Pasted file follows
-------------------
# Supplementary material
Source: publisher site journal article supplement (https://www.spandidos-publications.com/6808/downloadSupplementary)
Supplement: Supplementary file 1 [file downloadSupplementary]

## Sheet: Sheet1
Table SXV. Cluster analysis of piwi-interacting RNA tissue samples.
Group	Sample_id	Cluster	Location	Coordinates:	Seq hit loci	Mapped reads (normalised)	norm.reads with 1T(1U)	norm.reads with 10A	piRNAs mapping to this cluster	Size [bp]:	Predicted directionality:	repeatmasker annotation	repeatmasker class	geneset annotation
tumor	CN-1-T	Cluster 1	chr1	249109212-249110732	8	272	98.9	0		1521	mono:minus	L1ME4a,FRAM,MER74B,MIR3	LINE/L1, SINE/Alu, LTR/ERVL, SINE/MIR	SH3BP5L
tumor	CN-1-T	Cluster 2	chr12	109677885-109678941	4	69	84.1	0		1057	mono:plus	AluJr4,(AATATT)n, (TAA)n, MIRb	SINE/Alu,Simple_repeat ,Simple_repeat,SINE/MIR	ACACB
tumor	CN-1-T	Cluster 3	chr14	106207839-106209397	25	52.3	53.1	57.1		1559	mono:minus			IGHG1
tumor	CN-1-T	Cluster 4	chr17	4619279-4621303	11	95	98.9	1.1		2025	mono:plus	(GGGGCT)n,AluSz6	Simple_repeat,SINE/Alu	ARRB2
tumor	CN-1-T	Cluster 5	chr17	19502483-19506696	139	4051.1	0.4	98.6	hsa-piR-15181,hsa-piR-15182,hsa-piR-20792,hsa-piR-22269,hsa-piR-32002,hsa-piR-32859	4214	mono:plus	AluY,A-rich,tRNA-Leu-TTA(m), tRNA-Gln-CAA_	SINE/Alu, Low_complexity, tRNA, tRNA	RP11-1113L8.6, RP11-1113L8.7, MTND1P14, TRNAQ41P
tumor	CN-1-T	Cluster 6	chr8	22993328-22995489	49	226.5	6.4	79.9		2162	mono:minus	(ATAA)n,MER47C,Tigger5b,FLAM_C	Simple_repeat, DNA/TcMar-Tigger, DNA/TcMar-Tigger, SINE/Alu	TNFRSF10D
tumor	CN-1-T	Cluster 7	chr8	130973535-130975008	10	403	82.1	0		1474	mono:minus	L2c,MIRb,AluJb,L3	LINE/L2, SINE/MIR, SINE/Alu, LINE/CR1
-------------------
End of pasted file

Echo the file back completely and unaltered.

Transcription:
# Supplementary material
Source: publisher site journal article supplement (https://www.spandidos-publications.com/6808/downloadSupplementary)
Supplement: Supplementary file 1 [file downloadSupplementary]

## Sheet: Sheet1
Table SXV. Cluster analysis of piwi-interacting RNA tissue samples.
Group	Sample_id	Cluster	Location	Coordinates:	Seq hit loci	Mapped reads (normalised)	norm.reads with 1T(1U)	norm.reads with 10A	piRNAs mapping to this cluster	Size [bp]:	Predicted directionality:	repeatmasker annotation	repeatmasker class	geneset annotation
tumor	CN-1-T	Cluster 1	chr1	249109212-249110732	8	272	98.9	0		1521	mono:minus	L1ME4a,FRAM,MER74B,MIR3	LINE/L1, SINE/Alu, LTR/ERVL, SINE/MIR	SH3BP5L
tumor	CN-1-T	Cluster 2	chr12	109677885-109678941	4	69	84.1	0		1057	mono:plus	AluJr4,(AATATT)n, (TAA)n, MIRb	SINE/Alu,Simple_repeat ,Simple_repeat,SINE/MIR	ACACB
tumor	CN-1-T	Cluster 3	chr14	106207839-106209397	25	52.3	53.1	57.1		1559	mono:minus			IGHG1
tumor	CN-1-T	Cluster 4	chr17	4619279-4621303	11	95	98.9	1.1		2025	mono:plus	(GGGGCT)n,AluSz6	Simple_repeat,SINE/Alu	ARRB2
tumor	CN-1-T	Cluster 5	chr17	19502483-19506696	139	4051.1	0.4	98.6	hsa-piR-15181,hsa-piR-15182,hsa-piR-20792,hsa-piR-22269,hsa-piR-32002,hsa-piR-32859	4214	mono:plus	AluY,A-rich,tRNA-Leu-TTA(m), tRNA-Gln-CAA_	SINE/Alu, Low_complexity, tRNA, tRNA	RP11-1113L8.6, RP11-1113L8.7, MTND1P14, TRNAQ41P
tumor	CN-1-T	Cluster 6	chr8	22993328-22995489	49	226.5	6.4	79.9		2162	mono:minus	(ATAA)n,MER47C,Tigger5b,FLAM_C	Simple_repeat, DNA/TcMar-Tigger, DNA/TcMar-Tigger, SINE/Alu	TNFRSF10D
tumor	CN-1-T	Cluster 7	chr8	130973535-130975008	10	403	82.1	0		1474	mono:minus	L2c,MIRb,AluJb,L3	LINE/L2, SINE/MIR, SINE/Alu, LINE/CR1